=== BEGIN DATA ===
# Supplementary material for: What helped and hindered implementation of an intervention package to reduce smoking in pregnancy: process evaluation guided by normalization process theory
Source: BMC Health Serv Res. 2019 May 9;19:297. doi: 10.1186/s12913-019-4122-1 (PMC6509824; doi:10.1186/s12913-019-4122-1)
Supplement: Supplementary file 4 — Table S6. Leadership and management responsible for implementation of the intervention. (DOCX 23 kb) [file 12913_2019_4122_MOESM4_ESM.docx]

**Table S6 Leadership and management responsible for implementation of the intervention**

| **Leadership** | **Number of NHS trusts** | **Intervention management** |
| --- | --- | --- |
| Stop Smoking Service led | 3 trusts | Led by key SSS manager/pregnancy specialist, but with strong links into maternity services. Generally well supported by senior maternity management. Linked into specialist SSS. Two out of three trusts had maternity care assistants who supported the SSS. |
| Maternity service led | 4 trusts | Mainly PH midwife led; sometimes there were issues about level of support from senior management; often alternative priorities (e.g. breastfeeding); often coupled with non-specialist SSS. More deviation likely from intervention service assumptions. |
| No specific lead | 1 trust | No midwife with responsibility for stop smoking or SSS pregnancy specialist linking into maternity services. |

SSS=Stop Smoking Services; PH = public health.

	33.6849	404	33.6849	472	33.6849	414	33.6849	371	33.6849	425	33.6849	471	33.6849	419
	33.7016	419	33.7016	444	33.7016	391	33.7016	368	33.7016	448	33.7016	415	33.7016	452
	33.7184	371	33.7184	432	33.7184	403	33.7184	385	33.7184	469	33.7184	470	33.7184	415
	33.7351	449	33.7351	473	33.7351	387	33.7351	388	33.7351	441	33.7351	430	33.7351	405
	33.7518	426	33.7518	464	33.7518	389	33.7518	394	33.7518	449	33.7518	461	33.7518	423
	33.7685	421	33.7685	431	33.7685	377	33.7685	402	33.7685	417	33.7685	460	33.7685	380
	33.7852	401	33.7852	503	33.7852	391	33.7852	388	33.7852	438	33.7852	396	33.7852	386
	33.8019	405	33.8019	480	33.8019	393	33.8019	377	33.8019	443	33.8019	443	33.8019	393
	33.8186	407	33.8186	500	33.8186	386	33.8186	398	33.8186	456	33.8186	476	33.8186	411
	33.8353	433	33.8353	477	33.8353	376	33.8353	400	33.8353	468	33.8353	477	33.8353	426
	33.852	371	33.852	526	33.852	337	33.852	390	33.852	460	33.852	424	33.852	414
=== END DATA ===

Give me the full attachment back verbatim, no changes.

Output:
# Supplementary material for: What helped and hindered implementation of an intervention package to reduce smoking in pregnancy: process evaluation guided by normalization process theory
Source: BMC Health Serv Res. 2019 May 9;19:297. doi: 10.1186/s12913-019-4122-1 (PMC6509824; doi:10.1186/s12913-019-4122-1)
Supplement: Supplementary file 4 — Table S6. Leadership and management responsible for implementation of the intervention. (DOCX 23 kb) [file 12913_2019_4122_MOESM4_ESM.docx]

**Table S6 Leadership and management responsible for implementation of the intervention**

| **Leadership** | **Number of NHS trusts** | **Intervention management** |
| --- | --- | --- |
| Stop Smoking Service led | 3 trusts | Led by key SSS manager/pregnancy specialist, but with strong links into maternity services. Generally well supported by senior maternity management. Linked into specialist SSS. Two out of three trusts had maternity care assistants who supported the SSS. |
| Maternity service led | 4 trusts | Mainly PH midwife led; sometimes there were issues about level of support from senior management; often alternative priorities (e.g. breastfeeding); often coupled with non-specialist SSS. More deviation likely from intervention service assumptions. |
| No specific lead | 1 trust | No midwife with responsibility for stop smoking or SSS pregnancy specialist linking into maternity services. |

SSS=Stop Smoking Services; PH = public health.

	33.6849	404	33.6849	472	33.6849	414	33.6849	371	33.6849	425	33.6849	471	33.6849	419
	33.7016	419	33.7016	444	33.7016	391	33.7016	368	33.7016	448	33.7016	415	33.7016	452
	33.7184	371	33.7184	432	33.7184	403	33.7184	385	33.7184	469	33.7184	470	33.7184	415
	33.7351	449	33.7351	473	33.7351	387	33.7351	388	33.7351	441	33.7351	430	33.7351	405
	33.7518	426	33.7518	464	33.7518	389	33.7518	394	33.7518	449	33.7518	461	33.7518	423
	33.7685	421	33.7685	431	33.7685	377	33.7685	402	33.7685	417	33.7685	460	33.7685	380
	33.7852	401	33.7852	503	33.7852	391	33.7852	388	33.7852	438	33.7852	396	33.7852	386
	33.8019	405	33.8019	480	33.8019	393	33.8019	377	33.8019	443	33.8019	443	33.8019	393
	33.8186	407	33.8186	500	33.8186	386	33.8186	398	33.8186	456	33.8186	476	33.8186	411
	33.8353	433	33.8353	477	33.8353	376	33.8353	400	33.8353	468	33.8353	477	33.8353	426
	33.852	371	33.852	526	33.852	337	33.852	390	33.852	460	33.852	424	33.852	414